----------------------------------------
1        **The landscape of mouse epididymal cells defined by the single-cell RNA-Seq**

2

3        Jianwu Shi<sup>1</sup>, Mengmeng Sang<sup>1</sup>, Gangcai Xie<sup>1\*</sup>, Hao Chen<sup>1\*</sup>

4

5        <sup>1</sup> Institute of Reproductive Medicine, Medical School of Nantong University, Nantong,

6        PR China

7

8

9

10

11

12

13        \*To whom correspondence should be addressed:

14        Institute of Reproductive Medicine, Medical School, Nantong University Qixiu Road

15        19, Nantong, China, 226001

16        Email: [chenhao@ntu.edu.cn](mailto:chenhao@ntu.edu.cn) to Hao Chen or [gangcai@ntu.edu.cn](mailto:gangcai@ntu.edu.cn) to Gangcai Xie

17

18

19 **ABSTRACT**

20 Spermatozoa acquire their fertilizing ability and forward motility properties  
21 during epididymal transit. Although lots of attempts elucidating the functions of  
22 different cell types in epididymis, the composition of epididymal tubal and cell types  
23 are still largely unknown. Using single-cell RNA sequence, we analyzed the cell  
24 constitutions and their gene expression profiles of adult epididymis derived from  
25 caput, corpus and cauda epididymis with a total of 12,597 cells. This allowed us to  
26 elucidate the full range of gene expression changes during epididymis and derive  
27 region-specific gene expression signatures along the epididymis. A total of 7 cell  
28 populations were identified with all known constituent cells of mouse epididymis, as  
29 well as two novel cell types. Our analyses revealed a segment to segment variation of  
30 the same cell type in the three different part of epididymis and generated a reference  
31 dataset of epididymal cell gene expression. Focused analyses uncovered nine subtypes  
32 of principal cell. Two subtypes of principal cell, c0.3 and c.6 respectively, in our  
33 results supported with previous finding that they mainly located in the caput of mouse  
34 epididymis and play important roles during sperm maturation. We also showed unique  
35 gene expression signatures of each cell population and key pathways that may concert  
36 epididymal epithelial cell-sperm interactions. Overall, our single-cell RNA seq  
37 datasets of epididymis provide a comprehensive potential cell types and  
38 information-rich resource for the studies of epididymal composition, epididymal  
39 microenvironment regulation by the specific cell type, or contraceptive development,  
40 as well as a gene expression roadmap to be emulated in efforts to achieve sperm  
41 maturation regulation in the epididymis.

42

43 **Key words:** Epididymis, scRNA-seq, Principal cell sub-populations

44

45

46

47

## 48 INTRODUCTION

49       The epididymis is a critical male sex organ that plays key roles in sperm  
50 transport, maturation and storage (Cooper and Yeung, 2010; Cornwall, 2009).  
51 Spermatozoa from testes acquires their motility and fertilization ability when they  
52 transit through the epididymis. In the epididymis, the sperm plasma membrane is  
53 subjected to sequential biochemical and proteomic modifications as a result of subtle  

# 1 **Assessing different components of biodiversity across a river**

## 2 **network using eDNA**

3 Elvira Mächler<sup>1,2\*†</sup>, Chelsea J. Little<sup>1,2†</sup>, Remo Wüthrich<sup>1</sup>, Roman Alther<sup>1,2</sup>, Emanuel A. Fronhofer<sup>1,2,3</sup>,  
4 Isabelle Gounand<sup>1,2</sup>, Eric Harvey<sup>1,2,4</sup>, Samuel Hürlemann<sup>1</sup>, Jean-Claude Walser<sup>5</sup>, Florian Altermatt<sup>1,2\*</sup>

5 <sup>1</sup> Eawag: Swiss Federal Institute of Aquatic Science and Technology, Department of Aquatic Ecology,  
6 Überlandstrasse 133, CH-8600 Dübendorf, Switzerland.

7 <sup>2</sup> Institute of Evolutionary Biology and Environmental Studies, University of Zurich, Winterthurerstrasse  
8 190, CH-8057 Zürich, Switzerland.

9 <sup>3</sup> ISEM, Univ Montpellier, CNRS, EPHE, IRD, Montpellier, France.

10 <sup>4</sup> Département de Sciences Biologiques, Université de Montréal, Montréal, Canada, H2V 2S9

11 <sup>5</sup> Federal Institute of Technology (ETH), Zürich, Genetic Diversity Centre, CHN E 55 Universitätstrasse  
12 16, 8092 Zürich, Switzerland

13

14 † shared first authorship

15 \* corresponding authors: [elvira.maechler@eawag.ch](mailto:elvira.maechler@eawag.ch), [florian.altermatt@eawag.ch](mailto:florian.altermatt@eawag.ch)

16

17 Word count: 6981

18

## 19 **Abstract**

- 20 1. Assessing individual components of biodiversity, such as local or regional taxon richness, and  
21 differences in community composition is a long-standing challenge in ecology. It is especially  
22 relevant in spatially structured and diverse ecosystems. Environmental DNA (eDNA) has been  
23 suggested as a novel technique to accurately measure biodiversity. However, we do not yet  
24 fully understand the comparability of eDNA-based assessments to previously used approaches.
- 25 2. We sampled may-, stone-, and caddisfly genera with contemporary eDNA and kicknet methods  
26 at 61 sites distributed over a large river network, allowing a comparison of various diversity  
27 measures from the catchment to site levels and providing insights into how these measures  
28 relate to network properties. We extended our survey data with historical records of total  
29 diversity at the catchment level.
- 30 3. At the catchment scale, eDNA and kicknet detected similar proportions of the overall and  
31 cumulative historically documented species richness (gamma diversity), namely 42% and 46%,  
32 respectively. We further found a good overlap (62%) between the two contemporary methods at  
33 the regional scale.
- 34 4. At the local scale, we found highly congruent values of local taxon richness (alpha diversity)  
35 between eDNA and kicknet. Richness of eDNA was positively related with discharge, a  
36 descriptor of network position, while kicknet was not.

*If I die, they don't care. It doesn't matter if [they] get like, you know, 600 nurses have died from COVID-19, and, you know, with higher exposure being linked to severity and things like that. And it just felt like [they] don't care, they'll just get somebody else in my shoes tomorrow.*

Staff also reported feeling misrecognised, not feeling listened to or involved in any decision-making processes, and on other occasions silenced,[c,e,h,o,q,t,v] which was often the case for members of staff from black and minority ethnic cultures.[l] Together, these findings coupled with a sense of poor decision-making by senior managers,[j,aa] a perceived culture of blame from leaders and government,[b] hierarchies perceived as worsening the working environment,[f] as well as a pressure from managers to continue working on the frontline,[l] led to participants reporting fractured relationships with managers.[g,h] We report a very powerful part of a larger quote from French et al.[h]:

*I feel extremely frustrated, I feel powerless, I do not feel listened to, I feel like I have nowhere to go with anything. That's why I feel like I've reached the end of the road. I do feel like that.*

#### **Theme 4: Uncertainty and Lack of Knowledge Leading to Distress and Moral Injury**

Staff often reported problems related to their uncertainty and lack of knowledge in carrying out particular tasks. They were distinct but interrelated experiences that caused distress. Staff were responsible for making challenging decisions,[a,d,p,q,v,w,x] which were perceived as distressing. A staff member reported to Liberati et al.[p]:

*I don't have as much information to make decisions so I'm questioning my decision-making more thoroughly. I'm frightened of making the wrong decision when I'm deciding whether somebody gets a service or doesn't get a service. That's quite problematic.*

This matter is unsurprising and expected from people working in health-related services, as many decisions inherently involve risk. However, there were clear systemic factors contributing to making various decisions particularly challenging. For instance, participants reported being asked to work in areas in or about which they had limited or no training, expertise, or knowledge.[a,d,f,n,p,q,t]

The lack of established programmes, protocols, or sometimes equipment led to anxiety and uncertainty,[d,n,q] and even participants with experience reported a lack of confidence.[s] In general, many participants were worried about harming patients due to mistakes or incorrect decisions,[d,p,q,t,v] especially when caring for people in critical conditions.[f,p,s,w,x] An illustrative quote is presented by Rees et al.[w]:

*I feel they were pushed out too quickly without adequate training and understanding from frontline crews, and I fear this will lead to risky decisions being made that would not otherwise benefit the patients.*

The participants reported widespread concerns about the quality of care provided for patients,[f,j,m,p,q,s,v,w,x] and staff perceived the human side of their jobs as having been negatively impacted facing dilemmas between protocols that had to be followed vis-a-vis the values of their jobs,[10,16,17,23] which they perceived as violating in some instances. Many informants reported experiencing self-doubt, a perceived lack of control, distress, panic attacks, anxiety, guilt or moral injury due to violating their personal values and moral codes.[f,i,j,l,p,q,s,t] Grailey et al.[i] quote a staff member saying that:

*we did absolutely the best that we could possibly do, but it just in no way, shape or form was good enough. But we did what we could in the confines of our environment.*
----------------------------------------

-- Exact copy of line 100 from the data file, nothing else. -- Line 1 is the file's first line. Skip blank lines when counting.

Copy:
*we did absolutely the best that we could possibly do, but it just in no way, shape or form was good enough. But we did what we could in the confines of our environment.*